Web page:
The future is now - Process Control Is Open to Innovation...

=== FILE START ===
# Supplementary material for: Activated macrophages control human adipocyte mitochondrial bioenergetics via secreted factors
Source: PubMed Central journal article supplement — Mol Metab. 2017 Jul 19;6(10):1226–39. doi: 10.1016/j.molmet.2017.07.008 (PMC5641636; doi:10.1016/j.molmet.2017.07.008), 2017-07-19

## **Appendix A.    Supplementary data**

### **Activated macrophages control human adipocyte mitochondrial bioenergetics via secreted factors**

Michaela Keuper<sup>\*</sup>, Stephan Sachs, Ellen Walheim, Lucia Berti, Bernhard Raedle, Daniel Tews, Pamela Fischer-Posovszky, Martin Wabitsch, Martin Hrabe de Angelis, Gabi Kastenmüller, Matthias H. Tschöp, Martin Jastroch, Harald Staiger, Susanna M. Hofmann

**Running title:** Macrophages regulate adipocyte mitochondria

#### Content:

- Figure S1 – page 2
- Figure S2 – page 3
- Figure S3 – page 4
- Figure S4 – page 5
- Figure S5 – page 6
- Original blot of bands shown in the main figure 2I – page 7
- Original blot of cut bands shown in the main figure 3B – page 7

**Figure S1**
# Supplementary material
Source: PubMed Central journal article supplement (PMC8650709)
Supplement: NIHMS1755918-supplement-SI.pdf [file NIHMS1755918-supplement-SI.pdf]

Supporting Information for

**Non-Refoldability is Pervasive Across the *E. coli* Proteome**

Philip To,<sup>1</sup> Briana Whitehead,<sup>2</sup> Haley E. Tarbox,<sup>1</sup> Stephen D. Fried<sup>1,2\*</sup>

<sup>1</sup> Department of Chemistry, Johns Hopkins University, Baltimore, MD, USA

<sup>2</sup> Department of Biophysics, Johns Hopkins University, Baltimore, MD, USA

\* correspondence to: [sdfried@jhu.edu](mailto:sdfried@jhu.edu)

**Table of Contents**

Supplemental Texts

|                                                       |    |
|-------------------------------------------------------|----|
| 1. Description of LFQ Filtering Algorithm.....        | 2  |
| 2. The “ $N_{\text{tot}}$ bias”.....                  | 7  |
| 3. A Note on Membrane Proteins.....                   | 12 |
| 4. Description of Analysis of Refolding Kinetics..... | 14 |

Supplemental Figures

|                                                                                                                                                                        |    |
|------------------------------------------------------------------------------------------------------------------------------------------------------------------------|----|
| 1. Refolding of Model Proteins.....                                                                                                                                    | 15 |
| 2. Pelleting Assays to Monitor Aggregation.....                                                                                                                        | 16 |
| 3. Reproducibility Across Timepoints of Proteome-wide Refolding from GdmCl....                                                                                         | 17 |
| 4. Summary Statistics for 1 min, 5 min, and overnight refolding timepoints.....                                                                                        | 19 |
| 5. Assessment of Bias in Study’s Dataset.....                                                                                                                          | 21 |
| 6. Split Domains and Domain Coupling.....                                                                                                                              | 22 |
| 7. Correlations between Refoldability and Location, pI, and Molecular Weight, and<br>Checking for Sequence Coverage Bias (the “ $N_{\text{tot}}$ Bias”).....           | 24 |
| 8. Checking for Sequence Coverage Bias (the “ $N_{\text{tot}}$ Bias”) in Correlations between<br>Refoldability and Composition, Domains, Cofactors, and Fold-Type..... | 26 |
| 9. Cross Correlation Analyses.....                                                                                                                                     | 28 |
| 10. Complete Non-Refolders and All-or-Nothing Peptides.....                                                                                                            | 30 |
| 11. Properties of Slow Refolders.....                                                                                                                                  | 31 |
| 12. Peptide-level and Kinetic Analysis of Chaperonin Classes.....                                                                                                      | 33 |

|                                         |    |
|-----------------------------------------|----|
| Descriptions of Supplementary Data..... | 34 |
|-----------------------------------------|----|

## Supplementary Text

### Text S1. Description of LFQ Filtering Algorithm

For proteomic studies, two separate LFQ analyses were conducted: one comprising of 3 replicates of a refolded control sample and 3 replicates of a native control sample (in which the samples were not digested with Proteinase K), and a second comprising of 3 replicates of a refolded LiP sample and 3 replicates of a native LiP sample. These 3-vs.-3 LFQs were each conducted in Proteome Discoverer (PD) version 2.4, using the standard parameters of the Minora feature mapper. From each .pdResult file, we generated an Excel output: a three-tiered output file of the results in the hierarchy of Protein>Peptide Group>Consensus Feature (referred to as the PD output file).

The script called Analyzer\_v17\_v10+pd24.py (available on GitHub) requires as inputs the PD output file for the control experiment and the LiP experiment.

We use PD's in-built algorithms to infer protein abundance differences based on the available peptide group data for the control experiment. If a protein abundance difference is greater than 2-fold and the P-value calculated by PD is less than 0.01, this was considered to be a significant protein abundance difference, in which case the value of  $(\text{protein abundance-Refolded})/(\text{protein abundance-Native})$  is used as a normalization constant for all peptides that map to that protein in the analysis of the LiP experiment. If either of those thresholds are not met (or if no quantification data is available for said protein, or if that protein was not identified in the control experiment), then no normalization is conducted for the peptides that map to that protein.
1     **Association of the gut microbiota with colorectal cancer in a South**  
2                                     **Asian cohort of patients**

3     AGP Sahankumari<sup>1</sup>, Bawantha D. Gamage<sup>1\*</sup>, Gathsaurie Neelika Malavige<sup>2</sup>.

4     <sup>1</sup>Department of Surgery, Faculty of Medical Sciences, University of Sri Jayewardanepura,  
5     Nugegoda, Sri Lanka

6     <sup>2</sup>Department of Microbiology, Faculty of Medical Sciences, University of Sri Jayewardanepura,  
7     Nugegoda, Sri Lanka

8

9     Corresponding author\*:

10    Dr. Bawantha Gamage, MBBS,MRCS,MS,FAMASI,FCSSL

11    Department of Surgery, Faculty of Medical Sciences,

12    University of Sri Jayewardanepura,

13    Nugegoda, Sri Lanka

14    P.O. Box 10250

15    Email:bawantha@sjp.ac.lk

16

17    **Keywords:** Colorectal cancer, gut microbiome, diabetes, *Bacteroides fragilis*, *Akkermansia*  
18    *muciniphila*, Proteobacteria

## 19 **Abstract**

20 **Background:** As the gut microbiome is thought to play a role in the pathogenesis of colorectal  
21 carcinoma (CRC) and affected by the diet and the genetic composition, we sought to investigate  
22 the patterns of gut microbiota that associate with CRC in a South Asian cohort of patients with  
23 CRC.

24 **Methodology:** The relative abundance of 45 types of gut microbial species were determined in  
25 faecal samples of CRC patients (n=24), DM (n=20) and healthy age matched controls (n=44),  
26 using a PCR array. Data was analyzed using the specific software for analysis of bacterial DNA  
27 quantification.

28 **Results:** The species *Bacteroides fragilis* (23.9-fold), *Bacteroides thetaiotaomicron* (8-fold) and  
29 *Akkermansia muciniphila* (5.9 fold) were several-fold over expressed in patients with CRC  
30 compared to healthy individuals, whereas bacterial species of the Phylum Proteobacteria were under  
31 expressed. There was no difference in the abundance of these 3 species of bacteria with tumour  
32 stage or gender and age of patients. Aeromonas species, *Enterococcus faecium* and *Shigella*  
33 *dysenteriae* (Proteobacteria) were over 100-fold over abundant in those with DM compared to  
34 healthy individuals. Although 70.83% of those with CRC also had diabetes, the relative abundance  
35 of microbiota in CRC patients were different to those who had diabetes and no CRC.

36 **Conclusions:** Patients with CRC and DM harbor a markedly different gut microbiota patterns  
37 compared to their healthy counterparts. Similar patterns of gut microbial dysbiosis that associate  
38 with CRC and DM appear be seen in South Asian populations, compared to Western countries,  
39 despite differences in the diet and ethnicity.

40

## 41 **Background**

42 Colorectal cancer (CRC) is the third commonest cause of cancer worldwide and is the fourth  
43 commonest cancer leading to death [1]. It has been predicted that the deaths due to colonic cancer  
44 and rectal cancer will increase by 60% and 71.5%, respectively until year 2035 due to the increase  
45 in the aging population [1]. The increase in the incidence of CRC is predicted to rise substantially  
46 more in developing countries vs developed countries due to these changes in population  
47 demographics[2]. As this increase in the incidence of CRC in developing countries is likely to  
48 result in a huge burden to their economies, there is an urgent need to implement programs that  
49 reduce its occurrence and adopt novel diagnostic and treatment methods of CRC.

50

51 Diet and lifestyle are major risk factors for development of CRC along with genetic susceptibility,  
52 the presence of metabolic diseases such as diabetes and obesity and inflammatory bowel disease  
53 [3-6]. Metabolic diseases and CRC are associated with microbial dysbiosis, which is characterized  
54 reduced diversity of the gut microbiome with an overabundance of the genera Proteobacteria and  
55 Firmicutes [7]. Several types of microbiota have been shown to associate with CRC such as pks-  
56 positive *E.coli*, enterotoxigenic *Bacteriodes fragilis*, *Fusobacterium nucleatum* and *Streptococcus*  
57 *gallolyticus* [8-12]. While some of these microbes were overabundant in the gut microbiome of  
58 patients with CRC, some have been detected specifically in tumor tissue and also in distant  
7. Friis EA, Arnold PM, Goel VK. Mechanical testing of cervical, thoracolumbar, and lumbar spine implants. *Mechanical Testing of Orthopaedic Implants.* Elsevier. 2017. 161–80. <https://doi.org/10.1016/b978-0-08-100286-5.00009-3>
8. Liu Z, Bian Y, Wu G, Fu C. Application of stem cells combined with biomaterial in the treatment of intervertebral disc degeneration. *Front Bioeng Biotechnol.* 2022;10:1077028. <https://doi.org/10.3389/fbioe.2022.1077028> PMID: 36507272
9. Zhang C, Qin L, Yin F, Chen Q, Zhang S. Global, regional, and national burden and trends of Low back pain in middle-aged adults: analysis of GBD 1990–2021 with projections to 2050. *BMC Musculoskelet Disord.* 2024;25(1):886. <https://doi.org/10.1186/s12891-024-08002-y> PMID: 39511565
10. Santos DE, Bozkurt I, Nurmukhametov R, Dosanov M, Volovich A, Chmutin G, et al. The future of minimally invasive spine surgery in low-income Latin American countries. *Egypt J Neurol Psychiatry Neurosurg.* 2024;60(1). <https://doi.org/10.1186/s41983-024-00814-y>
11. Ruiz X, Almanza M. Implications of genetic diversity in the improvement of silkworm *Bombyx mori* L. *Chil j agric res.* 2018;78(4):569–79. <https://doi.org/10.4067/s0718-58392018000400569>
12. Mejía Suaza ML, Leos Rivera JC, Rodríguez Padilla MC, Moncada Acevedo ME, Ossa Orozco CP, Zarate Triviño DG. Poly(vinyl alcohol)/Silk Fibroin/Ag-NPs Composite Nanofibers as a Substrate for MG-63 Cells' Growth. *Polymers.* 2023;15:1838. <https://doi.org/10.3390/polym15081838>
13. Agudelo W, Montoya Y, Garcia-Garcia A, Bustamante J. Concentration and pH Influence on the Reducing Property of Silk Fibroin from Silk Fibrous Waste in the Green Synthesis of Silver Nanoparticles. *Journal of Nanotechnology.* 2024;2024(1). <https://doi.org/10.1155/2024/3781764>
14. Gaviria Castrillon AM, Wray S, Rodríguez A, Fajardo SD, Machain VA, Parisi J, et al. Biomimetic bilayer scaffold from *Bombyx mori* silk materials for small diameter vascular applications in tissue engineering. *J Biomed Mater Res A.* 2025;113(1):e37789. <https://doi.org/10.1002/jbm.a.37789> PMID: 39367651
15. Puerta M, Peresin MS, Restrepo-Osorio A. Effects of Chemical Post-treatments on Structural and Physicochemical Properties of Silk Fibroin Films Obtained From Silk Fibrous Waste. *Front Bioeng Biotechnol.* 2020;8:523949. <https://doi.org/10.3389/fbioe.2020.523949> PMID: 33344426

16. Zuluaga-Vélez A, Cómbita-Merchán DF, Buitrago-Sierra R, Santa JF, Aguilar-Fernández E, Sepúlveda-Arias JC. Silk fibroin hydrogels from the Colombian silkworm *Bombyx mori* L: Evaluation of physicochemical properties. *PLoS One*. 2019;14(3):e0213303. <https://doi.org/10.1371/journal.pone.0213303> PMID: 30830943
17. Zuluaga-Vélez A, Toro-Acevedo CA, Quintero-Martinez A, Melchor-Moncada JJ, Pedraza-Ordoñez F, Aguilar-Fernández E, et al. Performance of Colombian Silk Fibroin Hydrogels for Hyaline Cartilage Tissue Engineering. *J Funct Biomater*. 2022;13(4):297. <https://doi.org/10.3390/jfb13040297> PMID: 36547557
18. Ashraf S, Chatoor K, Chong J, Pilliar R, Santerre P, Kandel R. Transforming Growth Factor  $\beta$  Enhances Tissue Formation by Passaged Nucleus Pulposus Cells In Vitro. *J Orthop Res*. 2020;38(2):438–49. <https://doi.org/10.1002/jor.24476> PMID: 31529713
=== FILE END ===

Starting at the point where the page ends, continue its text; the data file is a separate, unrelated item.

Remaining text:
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By Greg McMillan and Stan Weiner Greg McMillan and Stan Weiner bring their wits and more than 66 years of process control experience to bear on your questions, comments, and problems. Write to them at [email protected] . Stan: Process control has been very good to us. More than the money earned, there was a sense of pioneering advancements in the understanding and implementation of what works best. Greg: More than any other field, process control is open to innovation because there is no script or guide. Undergraduate programs in process control are rare or non-existent. Industrial short courses and books provide pieces of puzzles that are as diverse as the products in the process industry. When I worked on the initial development of the ISA Certification of Automation Professionals (CAP) program, I was surprised that there was no set of books—including my own—that would develop a new engineer into a proficient practitioner. The books from industry were not written for teaching. Numerical examples and test problems were"missing in action."University textbooks generally focus on the math needed for graduate degrees and research. Some textbooks have provided an overview of instrumentation, valves and control systems, but often the representation is dated and without guidance as to what a process control engineer really needs to know or do on the job. Stan: Our courses in chemical engineering and physics did little to help us to select, specify, configure, install, checkout, start up and maintain automation systems. In control theory classes, we had perfect measurements and valves, negligible dead time and state space controllers. When these courses did show instrumentation systems, the figures often had pneumatic signals, DP flow meters downstream of control valves, and actuators without positioners—all disasters.
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